Still, you have to give O'Neill credit for having the stones to tackle a complete re-working of Aeschylus's Orestia and create the intermittently fabulous Mourning Becomes Electra, which was easily the highlight of the three plays collected here. It's fascinating to read MBE immediately after its source material, if only because it makes you speculate what the Orestia will look like two thousand years from now when the next talented guy decides to retell it to reflect the hang-ups of his day.
Comment Was this review helpful to you? Yes No Sending feedback...
Thank you for your feedback.
Sorry, we failed to record your vote. Please try again
Report abuse
Format: Paperback Verified Purchase
I bought this book for school reading (Is it just me or do books seem to cost so much more now?) and it was used, but inside was free of any highlighting or annotating. Cheap price for a book that you're only going to read once.
Comment One person found this helpful. Was this review helpful to you? Yes No Sending feedback...
Thank you for your feedback.
Sorry, we failed to record your vote. Please try again
Report abuse
By A Customer on April 15, 1997
Format: Paperback
I'm new to reading drama, but I have never seen anything quite like "Srange Interlude." In this experimental work, O'Neill actually takes the reader into the thoughts of the characters, by not only thier dialogue or gestures, as in most works, but by letting the characters think their streams of thought aloud.
The plot is extremely well developed, though it's tinged with cliche at times. It centers around a mentally unstable woman groping for happiness and the happiness of her four lovers, each lovers in diffferent senses of the word. The first is her high school sweetheart, killed in the war. The second is her lifelong friend. the third is her husband, and the fourth is her doctor. Each have their quirks and instabilities, which make this play a strange interlude, indeed.
Comment 10 people found this helpful. Was this review helpful to you? Yes No Sending feedback...
Thank you for your feedback.
Sorry, we failed to record your vote. Please try again
Report abuse
Format: Paperback
O'Neill's "Mourning Becomes Electra" is astounding. The plot is timeless, the characters are amazingly drawn, and the dialogue is as brilliant as anything he ever wrote. The only problem with the play is that, like everything he wrote, his themes are exhausting because they're so heavy. This play is no exception.
Comment One person found this helpful. Was this review helpful to you? Yes No Sending feedback...
Thank you for your feedback.
Sorry, we failed to record your vote. Please try again
Report abuse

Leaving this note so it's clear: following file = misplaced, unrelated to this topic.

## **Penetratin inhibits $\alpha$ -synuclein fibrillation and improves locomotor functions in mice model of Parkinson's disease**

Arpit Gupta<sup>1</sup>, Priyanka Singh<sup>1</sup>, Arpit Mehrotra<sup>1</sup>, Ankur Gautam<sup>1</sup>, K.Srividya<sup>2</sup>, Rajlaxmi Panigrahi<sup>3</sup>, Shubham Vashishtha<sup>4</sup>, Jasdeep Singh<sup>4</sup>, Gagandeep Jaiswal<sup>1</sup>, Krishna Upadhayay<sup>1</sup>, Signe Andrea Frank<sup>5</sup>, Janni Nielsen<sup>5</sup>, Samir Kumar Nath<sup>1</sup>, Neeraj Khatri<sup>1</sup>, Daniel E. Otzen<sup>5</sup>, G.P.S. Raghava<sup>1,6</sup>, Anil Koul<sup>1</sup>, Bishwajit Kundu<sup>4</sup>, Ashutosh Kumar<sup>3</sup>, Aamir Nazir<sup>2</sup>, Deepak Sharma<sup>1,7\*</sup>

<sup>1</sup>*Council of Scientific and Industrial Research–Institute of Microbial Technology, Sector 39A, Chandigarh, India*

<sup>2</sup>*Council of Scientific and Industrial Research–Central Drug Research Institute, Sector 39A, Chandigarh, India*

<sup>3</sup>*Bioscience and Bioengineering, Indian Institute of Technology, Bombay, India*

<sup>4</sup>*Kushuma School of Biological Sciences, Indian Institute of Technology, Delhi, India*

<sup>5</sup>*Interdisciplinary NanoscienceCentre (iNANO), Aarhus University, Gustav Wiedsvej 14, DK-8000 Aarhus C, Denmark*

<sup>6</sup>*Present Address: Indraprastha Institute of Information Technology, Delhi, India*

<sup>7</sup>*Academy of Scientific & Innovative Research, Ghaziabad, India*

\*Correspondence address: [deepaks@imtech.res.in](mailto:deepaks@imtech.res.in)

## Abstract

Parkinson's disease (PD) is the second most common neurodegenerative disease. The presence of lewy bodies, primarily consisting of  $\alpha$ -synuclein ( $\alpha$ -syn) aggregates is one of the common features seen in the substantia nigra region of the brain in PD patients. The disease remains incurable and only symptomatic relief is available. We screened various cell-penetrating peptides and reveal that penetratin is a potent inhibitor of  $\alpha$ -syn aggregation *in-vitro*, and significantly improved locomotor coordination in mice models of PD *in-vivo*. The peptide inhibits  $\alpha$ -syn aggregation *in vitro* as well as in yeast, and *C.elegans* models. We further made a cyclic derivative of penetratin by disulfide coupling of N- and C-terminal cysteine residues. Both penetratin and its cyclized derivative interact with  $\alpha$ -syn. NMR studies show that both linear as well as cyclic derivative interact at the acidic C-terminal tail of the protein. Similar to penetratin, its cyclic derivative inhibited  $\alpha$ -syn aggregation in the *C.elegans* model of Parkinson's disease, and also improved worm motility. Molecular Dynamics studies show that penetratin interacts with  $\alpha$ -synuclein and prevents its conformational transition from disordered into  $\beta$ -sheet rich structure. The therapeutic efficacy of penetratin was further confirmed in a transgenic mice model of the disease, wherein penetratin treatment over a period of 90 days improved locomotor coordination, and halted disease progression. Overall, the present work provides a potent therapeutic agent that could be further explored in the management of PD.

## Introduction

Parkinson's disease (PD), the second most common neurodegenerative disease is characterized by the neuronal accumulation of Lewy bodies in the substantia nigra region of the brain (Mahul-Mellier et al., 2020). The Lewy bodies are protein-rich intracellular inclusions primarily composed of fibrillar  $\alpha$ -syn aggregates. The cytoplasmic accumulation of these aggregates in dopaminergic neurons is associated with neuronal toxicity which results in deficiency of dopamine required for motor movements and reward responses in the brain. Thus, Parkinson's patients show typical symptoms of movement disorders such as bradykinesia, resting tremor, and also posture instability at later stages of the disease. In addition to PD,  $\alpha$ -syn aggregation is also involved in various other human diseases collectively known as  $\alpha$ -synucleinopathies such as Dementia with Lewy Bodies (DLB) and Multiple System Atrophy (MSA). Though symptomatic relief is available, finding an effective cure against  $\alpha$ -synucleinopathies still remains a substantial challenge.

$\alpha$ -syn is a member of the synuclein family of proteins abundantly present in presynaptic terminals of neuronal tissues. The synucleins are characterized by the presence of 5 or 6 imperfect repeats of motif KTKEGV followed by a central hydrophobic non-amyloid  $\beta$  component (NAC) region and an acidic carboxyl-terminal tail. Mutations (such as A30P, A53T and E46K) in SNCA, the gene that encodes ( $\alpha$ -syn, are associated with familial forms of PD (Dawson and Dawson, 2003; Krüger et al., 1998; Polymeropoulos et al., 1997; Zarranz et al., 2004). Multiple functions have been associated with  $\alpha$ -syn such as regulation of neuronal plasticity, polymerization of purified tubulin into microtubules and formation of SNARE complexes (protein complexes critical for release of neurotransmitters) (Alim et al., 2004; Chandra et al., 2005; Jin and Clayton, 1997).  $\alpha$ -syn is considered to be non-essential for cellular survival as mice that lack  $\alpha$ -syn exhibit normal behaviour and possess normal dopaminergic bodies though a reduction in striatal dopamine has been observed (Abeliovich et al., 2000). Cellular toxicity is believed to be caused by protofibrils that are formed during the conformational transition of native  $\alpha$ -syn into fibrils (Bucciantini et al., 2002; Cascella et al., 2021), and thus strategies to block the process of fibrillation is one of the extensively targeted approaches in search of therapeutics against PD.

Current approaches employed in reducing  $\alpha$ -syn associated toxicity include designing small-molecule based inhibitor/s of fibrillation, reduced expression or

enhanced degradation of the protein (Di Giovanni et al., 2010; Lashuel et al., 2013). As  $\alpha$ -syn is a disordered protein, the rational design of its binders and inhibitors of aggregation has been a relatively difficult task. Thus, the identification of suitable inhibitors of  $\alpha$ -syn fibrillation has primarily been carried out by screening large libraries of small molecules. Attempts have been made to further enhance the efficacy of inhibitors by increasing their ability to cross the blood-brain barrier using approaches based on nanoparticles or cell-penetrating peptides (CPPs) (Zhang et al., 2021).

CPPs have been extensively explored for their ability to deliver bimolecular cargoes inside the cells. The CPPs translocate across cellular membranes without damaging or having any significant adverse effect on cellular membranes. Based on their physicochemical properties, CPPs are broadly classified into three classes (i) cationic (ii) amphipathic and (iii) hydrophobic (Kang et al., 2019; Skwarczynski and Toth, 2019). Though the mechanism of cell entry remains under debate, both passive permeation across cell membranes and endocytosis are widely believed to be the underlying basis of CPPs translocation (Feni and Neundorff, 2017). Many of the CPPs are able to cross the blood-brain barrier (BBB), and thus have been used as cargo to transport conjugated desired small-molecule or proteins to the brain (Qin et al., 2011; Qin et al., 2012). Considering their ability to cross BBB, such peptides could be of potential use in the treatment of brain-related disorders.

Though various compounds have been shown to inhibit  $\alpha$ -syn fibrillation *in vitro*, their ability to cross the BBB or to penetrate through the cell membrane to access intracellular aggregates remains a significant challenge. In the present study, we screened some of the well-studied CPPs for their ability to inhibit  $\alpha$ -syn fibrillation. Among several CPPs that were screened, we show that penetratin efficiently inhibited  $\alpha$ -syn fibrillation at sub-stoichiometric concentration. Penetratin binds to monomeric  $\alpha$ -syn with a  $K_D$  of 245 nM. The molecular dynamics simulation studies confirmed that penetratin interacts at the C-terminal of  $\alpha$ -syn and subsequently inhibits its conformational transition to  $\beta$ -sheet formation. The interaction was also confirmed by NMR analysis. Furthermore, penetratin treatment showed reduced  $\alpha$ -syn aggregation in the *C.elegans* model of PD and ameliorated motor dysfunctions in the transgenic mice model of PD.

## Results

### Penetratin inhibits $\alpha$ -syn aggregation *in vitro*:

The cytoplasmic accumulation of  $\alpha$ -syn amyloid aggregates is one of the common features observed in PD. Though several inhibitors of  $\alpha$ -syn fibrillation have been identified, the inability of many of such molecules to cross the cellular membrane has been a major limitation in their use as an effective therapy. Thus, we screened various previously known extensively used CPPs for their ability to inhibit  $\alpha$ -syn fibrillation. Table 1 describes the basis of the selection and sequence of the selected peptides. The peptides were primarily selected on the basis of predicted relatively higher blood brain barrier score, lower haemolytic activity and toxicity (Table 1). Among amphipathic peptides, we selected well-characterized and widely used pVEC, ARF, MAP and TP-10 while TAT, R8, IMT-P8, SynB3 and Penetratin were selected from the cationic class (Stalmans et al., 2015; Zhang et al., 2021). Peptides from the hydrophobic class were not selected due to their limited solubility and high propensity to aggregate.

Format: Paperback Verified Purchase
Had to get this for an honors college course. Mourning Becomes Electra is a great story. Have not had a chance to read the others however.
Comment One person found this helpful. Was this review helpful to you? Yes No Sending feedback...
Thank you for your feedback.
Sorry, we failed to record your vote. Please try again
Report abuse
This is one of these books that I had bought (second hand) thinking distractedly that O'Neill was a pretty big gap in my theater reading and that I should eventually read something that he has written. I've actually only ever seen The Hairy Ape staged, and that by The Wooster Group. If you've ever seen a Wooster Group production, you'll understand that while it is bound to be an experience, it isn't generally an experience which is not necessarily going to tell you much about the play itself. Or, more accurately, it is not going to tell you the usual things about the play itself.

In any case, O'Neill.

First I read Desire Under the Elms. My reaction was (honestly) a shrug and a mental het zal wel Interesting play, kind of typical melodrama from the period. (I am positive that there are O'Neill scholars out there who can explain to me why this is Not So, and why I am an unlettered barbarian. But there you go.) Insight into the Desire of Woman. Father-son epic struggle. Death. Despair.

But then I got to Strange Interlude. Oh, I hated it. I hated O'Neill. I hated the coy technique of sharing the Real Innermost Thoughts of the characters. It was like he took Nina who was already in a cage-- the cage of her time, the cage of being written by a creep of an author-- and then he squared the cage by pretending to have access to her real thoughts. It is a *long* play, and reading it was like having fingers scraping on a chalkboard for its length. I hated it so much that I thought that he did Oona a favor by disowning her.
Read more ›
Comment 3 people found this helpful. Was this review helpful to you? Yes No Sending feedback...
Thank you for your feedback.
Sorry, we failed to record your vote. Please try again
Report abuse

Most Recent Customer Reviews